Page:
Is Gross National Happiness For Real?

 

Hillary Keller is a graduate student in the International Relations program at UMass Boston.

“The pursuit of happiness.” This is one of the statements made in our Declaration of Independence, and for much of our history the question of how to define what make people happy has been asked repeatedly. But in looking at our country today, no one would say we have found an answer.

In the state of Bhutan, the idea of Gross National Happiness has been put forward as a way to work towards a happier population instead of focusing on GDP as the end-all in development. And in the measure that is known as Subjective Well-being, Bhutan ranked eighth out of 178 states overall, the only state in the top twenty to have a very low GDP. There have also been many conferences devoted to the idea of the GNH and how it can be used to measure people’s lives. The method offers an alternative way of looking at development issues.

So can we then say that Bhutan has the answer to the achievement of happiness? The story of a friend of mine (and others)  shows us the cracks in the foundation. While she was born in Bhutan, her family is ethnically Nepali, as well as being Hindus in a predominantly Buddhist state. At a young age, her family was made to leave Bhutan by the government and to settle in Nepal. If one was to ask her about this Bhutanese way, she would have a very different answer than some of the scholars who have looked into this issue!

The flaw that lies at the heart of seeing Bhutan as having the answers for happiness is the notion that we have to reject  the Western way of life. Many observers who note that despite our accumulation of material things we are often not happy  may erroneously conclude that the way to happiness lies with rejecting the idea of material things. But if one looks at the Bhutanese ideal, which is due in part to enforced homogeneity, then the luster fades on their idea.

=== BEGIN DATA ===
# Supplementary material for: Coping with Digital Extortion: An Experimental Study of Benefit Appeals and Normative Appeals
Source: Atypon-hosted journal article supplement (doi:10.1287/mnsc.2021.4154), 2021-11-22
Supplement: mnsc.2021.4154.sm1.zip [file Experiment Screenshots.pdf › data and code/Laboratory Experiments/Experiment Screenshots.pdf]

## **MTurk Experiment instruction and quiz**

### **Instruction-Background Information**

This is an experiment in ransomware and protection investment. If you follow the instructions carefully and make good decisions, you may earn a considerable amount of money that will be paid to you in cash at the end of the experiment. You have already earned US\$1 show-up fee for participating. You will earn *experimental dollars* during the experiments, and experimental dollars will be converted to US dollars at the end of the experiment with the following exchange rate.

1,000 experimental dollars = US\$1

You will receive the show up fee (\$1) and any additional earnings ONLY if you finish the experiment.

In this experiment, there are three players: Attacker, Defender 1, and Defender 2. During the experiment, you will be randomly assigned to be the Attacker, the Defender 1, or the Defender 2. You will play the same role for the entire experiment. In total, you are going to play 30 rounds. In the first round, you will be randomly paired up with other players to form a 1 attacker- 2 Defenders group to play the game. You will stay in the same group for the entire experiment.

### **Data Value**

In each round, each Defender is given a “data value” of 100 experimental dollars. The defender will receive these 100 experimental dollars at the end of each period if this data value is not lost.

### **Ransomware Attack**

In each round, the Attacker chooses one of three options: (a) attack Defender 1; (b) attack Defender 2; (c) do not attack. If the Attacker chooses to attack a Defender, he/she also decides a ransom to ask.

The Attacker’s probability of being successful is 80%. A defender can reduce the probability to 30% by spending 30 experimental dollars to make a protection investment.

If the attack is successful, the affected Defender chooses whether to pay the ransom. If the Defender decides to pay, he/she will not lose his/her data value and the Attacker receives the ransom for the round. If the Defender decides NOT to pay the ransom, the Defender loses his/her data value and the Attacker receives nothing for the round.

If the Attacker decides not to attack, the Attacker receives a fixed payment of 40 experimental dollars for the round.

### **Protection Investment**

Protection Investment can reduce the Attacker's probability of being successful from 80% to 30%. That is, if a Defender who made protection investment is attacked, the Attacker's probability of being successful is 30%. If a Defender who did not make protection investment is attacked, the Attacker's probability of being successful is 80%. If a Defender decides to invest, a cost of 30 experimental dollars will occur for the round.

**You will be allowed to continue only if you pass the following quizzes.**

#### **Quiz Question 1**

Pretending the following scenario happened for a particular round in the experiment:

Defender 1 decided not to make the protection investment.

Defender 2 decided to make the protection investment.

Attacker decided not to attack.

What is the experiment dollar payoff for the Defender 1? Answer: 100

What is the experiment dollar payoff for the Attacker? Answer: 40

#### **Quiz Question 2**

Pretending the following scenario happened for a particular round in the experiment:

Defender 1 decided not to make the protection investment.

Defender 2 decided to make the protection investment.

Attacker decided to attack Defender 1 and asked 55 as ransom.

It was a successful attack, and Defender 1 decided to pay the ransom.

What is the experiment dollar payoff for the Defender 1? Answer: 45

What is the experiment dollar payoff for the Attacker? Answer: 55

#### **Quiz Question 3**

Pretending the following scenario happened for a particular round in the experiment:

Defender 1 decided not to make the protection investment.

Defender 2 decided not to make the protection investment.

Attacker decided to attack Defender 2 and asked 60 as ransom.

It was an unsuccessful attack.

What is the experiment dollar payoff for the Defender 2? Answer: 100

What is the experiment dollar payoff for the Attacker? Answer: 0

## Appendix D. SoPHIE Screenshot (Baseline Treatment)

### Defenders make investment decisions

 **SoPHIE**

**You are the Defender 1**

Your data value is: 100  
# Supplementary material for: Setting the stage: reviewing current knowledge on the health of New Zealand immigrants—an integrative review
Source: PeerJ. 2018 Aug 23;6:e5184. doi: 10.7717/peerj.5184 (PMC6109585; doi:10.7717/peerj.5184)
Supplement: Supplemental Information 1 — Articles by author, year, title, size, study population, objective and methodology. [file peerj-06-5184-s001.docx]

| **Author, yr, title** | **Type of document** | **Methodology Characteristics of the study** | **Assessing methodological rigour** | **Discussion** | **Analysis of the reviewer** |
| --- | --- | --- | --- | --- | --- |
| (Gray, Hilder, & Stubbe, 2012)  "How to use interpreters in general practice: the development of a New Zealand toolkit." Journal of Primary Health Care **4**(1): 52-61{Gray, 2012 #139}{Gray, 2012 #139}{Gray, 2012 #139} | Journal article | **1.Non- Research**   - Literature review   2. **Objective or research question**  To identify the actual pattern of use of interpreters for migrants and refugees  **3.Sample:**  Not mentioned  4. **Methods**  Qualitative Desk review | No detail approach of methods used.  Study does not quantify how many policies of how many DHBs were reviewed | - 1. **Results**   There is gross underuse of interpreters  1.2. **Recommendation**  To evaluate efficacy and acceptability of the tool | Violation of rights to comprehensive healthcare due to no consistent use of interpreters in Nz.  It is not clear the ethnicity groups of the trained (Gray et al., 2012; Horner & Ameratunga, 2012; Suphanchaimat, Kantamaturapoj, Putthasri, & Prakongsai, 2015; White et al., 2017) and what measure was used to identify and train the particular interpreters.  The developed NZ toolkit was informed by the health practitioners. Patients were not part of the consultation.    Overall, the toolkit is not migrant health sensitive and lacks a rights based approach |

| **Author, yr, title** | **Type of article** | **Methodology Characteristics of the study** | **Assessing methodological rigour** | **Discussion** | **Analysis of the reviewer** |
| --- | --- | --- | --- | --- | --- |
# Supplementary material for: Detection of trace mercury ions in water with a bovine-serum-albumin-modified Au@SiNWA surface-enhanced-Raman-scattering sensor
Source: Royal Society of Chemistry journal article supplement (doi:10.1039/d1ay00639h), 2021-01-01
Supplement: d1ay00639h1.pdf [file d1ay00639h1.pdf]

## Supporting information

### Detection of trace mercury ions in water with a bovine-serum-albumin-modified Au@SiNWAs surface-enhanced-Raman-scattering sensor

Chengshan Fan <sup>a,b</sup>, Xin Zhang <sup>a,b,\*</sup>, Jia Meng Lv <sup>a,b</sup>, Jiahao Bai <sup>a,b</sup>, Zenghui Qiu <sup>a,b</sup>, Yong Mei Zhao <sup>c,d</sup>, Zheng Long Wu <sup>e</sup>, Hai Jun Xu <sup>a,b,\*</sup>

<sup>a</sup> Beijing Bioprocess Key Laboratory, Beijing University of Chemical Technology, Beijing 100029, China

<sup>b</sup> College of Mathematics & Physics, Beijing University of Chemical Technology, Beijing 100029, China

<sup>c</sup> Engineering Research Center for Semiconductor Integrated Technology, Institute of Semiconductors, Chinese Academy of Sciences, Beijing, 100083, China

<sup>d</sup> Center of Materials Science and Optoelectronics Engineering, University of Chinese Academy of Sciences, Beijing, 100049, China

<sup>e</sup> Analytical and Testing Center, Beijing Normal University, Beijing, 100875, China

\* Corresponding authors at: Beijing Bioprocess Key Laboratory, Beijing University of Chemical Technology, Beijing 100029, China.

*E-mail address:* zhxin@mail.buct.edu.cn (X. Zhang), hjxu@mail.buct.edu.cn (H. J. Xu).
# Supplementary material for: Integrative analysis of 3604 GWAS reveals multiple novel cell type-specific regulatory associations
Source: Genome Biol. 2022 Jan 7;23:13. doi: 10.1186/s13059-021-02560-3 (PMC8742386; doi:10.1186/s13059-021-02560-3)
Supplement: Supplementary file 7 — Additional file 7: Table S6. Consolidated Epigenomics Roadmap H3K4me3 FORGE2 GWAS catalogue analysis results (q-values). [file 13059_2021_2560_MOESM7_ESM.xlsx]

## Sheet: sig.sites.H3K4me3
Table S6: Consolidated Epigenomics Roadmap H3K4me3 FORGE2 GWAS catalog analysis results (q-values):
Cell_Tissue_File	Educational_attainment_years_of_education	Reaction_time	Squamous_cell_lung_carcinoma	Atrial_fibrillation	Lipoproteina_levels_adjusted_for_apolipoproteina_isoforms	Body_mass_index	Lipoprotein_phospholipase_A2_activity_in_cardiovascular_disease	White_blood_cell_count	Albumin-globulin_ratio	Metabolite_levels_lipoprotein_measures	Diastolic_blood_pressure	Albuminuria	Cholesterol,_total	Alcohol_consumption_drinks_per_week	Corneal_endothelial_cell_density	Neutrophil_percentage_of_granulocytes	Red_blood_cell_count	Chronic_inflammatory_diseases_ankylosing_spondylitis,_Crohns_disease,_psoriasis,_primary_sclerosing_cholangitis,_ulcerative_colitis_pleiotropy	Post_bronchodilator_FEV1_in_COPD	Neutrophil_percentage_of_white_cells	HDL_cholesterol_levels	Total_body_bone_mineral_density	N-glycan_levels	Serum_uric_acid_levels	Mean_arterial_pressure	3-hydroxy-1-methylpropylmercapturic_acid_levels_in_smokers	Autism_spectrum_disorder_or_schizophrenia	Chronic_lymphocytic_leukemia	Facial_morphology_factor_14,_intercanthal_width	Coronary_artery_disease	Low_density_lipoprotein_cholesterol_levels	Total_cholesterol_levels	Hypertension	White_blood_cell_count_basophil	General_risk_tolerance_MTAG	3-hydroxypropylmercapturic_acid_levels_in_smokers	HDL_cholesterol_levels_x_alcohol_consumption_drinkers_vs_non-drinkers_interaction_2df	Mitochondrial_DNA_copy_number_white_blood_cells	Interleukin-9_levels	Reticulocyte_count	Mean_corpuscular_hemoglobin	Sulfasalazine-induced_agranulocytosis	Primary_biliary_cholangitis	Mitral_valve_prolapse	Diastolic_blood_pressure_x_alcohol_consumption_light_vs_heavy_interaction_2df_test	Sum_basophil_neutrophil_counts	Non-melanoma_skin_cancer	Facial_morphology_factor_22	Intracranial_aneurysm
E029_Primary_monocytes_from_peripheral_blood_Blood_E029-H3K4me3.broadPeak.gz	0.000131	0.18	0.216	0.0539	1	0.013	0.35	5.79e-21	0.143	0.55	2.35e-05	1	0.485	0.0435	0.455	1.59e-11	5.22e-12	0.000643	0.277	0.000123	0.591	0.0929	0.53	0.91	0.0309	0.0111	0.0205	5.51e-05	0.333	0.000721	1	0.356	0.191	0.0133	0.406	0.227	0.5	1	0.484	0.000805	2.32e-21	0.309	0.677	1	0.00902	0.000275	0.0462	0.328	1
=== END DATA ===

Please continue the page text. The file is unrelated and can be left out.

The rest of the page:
It would be a mistake to say that Bhutan has all the answers on happiness. Just as it is wrong to think that there is nothing that the Bhutanese way can teach us, it is equally wrong to feel that our Western views have nothing to offer in the matter of happiness. Everyone in this world is able to learn about what we define as being happy, and can hopefully use this knowledge to aid in promoting human welfare in the global community.

1 Comment

  1. Debasish,News also reads that the King actually ran out of petcanie with the militants, realising much too late the Indian request for use of force to clear them out.Whatever it is, it’s heartning to see that we still have neighbours to lean on. But, as in politics, there can be no permanant Friend or Foe. Nepal was once a friend (even if the people had hated us long, for our maneuvers). Sri Lanka was so hostile at a time, now its changed altogether.

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